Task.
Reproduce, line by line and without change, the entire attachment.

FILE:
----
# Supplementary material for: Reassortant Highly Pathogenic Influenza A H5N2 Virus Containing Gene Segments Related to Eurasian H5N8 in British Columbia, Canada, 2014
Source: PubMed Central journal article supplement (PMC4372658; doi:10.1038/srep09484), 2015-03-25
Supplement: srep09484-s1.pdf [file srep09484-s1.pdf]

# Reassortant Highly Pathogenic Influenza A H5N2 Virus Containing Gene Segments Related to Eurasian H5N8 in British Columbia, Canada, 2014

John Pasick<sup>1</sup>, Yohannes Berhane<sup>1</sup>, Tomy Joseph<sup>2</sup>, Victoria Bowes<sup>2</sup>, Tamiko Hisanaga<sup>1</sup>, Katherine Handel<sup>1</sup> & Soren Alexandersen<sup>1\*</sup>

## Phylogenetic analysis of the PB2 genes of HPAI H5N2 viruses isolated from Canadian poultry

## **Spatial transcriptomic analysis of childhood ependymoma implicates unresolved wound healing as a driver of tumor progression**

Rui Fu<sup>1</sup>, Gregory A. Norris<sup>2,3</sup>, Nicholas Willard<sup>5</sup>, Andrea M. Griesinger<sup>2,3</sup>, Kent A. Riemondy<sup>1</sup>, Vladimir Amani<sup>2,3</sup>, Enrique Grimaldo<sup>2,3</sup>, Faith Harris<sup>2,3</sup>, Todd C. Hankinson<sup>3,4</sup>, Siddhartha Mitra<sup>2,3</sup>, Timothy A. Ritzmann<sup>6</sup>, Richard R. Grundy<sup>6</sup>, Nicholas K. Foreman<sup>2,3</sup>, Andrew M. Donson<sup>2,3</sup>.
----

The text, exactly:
# Supplementary material for: Reassortant Highly Pathogenic Influenza A H5N2 Virus Containing Gene Segments Related to Eurasian H5N8 in British Columbia, Canada, 2014
Source: PubMed Central journal article supplement (PMC4372658; doi:10.1038/srep09484), 2015-03-25
Supplement: srep09484-s1.pdf [file srep09484-s1.pdf]

# Reassortant Highly Pathogenic Influenza A H5N2 Virus Containing Gene Segments Related to Eurasian H5N8 in British Columbia, Canada, 2014

John Pasick<sup>1</sup>, Yohannes Berhane<sup>1</sup>, Tomy Joseph<sup>2</sup>, Victoria Bowes<sup>2</sup>, Tamiko Hisanaga<sup>1</sup>, Katherine Handel<sup>1</sup> & Soren Alexandersen<sup>1\*</sup>

## Phylogenetic analysis of the PB2 genes of HPAI H5N2 viruses isolated from Canadian poultry

## **Spatial transcriptomic analysis of childhood ependymoma implicates unresolved wound healing as a driver of tumor progression**

Rui Fu<sup>1</sup>, Gregory A. Norris<sup>2,3</sup>, Nicholas Willard<sup>5</sup>, Andrea M. Griesinger<sup>2,3</sup>, Kent A. Riemondy<sup>1</sup>, Vladimir Amani<sup>2,3</sup>, Enrique Grimaldo<sup>2,3</sup>, Faith Harris<sup>2,3</sup>, Todd C. Hankinson<sup>3,4</sup>, Siddhartha Mitra<sup>2,3</sup>, Timothy A. Ritzmann<sup>6</sup>, Richard R. Grundy<sup>6</sup>, Nicholas K. Foreman<sup>2,3</sup>, Andrew M. Donson<sup>2,3</sup>.